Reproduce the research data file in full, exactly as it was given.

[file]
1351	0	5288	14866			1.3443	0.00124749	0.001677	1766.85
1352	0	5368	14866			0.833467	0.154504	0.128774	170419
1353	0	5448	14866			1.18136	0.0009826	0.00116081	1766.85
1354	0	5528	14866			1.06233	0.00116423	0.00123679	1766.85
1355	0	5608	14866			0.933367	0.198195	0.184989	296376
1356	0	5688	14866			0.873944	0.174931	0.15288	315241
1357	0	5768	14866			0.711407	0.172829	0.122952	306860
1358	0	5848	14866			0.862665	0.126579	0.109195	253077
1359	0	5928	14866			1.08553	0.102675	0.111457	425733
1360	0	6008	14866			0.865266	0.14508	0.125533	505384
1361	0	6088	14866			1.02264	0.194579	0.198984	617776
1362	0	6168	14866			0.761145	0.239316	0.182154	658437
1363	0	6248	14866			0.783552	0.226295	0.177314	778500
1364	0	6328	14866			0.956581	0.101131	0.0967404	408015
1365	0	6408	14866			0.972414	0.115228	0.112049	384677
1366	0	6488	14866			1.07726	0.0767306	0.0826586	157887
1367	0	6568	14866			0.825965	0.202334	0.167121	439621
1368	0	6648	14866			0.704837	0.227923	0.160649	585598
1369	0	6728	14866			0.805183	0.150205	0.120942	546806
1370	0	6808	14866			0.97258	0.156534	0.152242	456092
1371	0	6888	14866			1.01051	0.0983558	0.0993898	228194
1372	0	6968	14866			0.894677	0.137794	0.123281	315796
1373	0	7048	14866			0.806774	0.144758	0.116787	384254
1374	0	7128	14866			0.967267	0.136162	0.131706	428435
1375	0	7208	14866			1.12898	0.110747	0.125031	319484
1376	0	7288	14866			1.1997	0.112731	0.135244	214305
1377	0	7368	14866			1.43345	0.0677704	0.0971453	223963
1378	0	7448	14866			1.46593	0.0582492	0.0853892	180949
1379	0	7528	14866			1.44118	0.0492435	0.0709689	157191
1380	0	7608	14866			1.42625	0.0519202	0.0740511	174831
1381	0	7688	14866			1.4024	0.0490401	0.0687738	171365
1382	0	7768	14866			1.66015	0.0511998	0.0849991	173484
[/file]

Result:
1351	0	5288	14866			1.3443	0.00124749	0.001677	1766.85
1352	0	5368	14866			0.833467	0.154504	0.128774	170419
1353	0	5448	14866			1.18136	0.0009826	0.00116081	1766.85
1354	0	5528	14866			1.06233	0.00116423	0.00123679	1766.85
1355	0	5608	14866			0.933367	0.198195	0.184989	296376
1356	0	5688	14866			0.873944	0.174931	0.15288	315241
1357	0	5768	14866			0.711407	0.172829	0.122952	306860
1358	0	5848	14866			0.862665	0.126579	0.109195	253077
1359	0	5928	14866			1.08553	0.102675	0.111457	425733
1360	0	6008	14866			0.865266	0.14508	0.125533	505384
1361	0	6088	14866			1.02264	0.194579	0.198984	617776
1362	0	6168	14866			0.761145	0.239316	0.182154	658437
1363	0	6248	14866			0.783552	0.226295	0.177314	778500
1364	0	6328	14866			0.956581	0.101131	0.0967404	408015
1365	0	6408	14866			0.972414	0.115228	0.112049	384677
1366	0	6488	14866			1.07726	0.0767306	0.0826586	157887
1367	0	6568	14866			0.825965	0.202334	0.167121	439621
1368	0	6648	14866			0.704837	0.227923	0.160649	585598
1369	0	6728	14866			0.805183	0.150205	0.120942	546806
1370	0	6808	14866			0.97258	0.156534	0.152242	456092
1371	0	6888	14866			1.01051	0.0983558	0.0993898	228194
1372	0	6968	14866			0.894677	0.137794	0.123281	315796
1373	0	7048	14866			0.806774	0.144758	0.116787	384254
1374	0	7128	14866			0.967267	0.136162	0.131706	428435
1375	0	7208	14866			1.12898	0.110747	0.125031	319484
1376	0	7288	14866			1.1997	0.112731	0.135244	214305
1377	0	7368	14866			1.43345	0.0677704	0.0971453	223963
1378	0	7448	14866			1.46593	0.0582492	0.0853892	180949
1379	0	7528	14866			1.44118	0.0492435	0.0709689	157191
1380	0	7608	14866			1.42625	0.0519202	0.0740511	174831
1381	0	7688	14866			1.4024	0.0490401	0.0687738	171365
1382	0	7768	14866			1.66015	0.0511998	0.0849991	173484